‘Very sad situation’: Local political scientist explains tension behind Russia’s invasion of Ukraine
SPOKANE, Wash. — As the world watches Russia invade Ukraine, this tension’s been brewing for years. Ukraine isn’t the only country at stake as democracy around the world could be threatened.
Stacy Taninchev is the Associate Professor and Chair of Political Science at Gonzaga University. She is an international relations scholar who specializes in the interaction of different countries within intergovernmental organizations. That expertise is helping her understand the complexity behind the crisis.
“This is a very sad situation for the people of Ukraine,” Taninchev said.
Thousands are fleeing, and Russia is gaining ground. However, Taninchev says a lot has changed over the years. Ukraine became its own nation in the early 90s. Back then, Russia still played a major part in influencing the country. Today, the people want otherwise.
“When Ukraine shifted towards being more democratic and more pro-West and more wanting to be part of NATO and Western institutions, that is sort of a threat to Russian interests,” she said.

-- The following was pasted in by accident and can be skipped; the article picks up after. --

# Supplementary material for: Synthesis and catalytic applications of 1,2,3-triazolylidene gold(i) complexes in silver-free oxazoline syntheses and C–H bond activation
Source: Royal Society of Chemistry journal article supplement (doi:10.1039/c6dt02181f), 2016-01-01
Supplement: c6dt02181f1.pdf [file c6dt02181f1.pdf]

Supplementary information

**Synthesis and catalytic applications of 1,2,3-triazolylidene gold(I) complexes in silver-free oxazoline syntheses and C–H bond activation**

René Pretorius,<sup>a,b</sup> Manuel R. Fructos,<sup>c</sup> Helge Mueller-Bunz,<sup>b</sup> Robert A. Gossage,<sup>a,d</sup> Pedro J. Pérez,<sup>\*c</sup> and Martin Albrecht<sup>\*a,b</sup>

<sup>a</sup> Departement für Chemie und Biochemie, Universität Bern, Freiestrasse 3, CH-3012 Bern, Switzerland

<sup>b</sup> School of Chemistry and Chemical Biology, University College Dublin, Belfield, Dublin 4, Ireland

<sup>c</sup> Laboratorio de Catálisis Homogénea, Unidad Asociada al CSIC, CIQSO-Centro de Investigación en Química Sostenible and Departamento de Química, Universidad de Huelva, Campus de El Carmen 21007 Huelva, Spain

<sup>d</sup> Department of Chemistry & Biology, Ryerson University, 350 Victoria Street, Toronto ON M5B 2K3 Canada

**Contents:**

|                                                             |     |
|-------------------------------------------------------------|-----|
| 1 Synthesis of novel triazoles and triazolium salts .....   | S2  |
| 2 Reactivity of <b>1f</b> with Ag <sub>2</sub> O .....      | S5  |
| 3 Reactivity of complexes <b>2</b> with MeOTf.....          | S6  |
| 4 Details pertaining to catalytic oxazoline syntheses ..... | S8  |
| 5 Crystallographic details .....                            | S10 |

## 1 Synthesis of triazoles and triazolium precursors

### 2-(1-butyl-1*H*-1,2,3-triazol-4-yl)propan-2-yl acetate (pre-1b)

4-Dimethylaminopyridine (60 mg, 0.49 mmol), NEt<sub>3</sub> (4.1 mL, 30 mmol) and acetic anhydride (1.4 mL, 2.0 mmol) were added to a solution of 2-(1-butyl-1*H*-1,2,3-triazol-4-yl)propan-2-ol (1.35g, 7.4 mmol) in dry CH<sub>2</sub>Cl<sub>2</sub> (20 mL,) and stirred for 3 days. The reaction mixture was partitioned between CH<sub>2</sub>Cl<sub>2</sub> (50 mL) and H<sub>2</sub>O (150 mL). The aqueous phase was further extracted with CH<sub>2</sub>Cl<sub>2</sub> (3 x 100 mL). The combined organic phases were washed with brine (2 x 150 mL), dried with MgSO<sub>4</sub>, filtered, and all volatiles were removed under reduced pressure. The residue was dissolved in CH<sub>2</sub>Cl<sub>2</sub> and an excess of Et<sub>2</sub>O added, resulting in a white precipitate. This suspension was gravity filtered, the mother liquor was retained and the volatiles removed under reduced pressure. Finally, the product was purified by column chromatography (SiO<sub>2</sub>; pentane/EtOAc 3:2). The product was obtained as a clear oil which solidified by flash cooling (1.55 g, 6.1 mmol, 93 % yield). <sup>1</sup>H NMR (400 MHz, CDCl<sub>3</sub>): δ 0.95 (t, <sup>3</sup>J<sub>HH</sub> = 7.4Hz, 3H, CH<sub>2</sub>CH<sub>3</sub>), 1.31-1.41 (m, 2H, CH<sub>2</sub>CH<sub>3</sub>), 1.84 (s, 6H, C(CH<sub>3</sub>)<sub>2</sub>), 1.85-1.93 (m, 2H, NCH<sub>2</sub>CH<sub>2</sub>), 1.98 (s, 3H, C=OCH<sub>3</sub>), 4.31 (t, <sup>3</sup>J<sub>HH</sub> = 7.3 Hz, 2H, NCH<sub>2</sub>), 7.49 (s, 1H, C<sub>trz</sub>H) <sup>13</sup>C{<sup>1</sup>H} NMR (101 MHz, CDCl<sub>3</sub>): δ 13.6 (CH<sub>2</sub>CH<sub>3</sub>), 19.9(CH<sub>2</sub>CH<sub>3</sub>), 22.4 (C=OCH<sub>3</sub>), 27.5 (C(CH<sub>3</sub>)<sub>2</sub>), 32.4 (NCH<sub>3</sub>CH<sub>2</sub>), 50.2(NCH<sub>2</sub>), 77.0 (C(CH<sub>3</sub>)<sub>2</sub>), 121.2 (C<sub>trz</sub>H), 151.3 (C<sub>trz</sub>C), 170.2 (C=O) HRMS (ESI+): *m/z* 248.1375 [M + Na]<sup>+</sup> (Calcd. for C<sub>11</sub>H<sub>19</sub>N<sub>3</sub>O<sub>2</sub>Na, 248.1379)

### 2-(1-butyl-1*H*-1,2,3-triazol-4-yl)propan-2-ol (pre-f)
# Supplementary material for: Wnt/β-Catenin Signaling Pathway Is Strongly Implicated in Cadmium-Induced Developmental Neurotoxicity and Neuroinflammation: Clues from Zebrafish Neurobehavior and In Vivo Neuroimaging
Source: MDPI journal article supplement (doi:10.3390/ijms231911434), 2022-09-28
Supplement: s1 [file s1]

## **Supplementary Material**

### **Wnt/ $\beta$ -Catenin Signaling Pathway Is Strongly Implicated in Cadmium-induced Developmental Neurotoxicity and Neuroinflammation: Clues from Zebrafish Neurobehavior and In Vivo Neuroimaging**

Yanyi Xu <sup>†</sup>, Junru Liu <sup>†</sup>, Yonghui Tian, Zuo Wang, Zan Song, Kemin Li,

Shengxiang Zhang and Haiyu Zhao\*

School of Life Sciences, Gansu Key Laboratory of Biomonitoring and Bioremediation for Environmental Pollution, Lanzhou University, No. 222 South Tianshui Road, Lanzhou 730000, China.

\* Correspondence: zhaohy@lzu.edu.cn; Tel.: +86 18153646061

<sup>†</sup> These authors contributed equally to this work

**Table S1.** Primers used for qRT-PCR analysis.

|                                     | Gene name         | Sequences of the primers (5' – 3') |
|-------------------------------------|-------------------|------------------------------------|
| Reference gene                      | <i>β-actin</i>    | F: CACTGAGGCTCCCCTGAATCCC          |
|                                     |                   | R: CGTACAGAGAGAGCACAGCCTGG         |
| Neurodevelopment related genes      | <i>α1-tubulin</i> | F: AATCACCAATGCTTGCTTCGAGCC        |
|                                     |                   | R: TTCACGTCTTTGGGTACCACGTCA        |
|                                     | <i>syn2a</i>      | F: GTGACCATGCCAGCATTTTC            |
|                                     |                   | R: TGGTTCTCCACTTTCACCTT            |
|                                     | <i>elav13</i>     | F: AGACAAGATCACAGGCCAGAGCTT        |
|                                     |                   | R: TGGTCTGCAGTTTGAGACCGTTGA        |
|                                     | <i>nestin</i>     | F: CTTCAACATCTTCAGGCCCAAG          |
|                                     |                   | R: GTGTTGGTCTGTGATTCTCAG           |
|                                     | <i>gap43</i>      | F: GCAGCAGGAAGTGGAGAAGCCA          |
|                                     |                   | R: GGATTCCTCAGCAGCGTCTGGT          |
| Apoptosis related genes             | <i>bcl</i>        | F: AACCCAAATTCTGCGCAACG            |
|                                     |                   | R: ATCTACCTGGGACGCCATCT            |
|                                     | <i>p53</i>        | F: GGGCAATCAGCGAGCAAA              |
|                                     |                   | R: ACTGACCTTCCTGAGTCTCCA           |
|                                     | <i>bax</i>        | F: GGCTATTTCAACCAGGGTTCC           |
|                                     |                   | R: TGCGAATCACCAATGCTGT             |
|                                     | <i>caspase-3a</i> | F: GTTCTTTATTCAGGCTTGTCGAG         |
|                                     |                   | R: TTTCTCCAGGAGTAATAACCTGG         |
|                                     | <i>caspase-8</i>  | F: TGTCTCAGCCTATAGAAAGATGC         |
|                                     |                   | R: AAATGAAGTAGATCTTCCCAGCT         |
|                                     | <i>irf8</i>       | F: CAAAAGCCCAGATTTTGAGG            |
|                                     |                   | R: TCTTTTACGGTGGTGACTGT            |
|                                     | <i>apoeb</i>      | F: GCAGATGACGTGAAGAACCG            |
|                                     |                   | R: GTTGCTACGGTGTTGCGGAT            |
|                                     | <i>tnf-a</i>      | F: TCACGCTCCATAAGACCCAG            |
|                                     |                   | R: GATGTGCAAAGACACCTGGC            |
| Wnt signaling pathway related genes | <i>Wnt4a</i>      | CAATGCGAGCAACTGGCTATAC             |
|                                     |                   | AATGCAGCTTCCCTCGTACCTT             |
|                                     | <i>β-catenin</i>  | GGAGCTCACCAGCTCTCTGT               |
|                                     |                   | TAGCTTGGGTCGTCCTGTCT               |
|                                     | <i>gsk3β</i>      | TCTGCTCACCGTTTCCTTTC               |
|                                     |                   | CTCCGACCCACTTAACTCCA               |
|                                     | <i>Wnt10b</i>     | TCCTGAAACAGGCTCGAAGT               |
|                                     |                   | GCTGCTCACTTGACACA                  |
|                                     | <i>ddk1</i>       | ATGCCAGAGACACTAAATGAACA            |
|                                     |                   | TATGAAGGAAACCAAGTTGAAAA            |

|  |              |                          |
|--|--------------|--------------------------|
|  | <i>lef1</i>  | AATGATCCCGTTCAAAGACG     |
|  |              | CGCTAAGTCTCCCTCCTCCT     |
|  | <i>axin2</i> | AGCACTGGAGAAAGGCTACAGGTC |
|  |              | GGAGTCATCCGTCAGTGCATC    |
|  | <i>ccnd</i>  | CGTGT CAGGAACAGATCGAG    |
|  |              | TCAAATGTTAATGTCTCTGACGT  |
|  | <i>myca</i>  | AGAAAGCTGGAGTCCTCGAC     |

That threat intensified back in 2014 when Russia invaded and took over the Crimean Peninsula. Dr. Taninchev says Russia wants to take over more of the country and re-establish Soviet Control.
“Not like necessarily recreating the Soviet Union but actually installing another leader who is very favorable to Russia and can basically be controlled by Russia.”
World leaders have tried to control this situation with sanctions to the economy, military and elites, but it didn’t prevent this invasion. It’s a tactic Taninchev says is hard to make work.
She says the targeted sanctions President Joe Biden and other world leaders are using will hurt Putin, but when you start hurting the people of Russia by cutting them off from the rest of the world, that’s really when dictators start to back down.
“It’s difficult to use sanctions effectively,” she said. “That is the big conundrum, the debate about sanctions because when we use those kinds of sanctions, we hurt the people of the country, but when we don’t use them, the sanctions we use are less effective.”
As world leaders come together to figure out more ways to stop the invasion, she doesn’t support moving U.S. troops on the ground as that could lead to a level of devastation no one is ready for.
“I feel like this is the closest we’ve come being concerned that whatever move we make, we might end up in another Cold War situation or worse, a World War III type situation,” Taninchev said.
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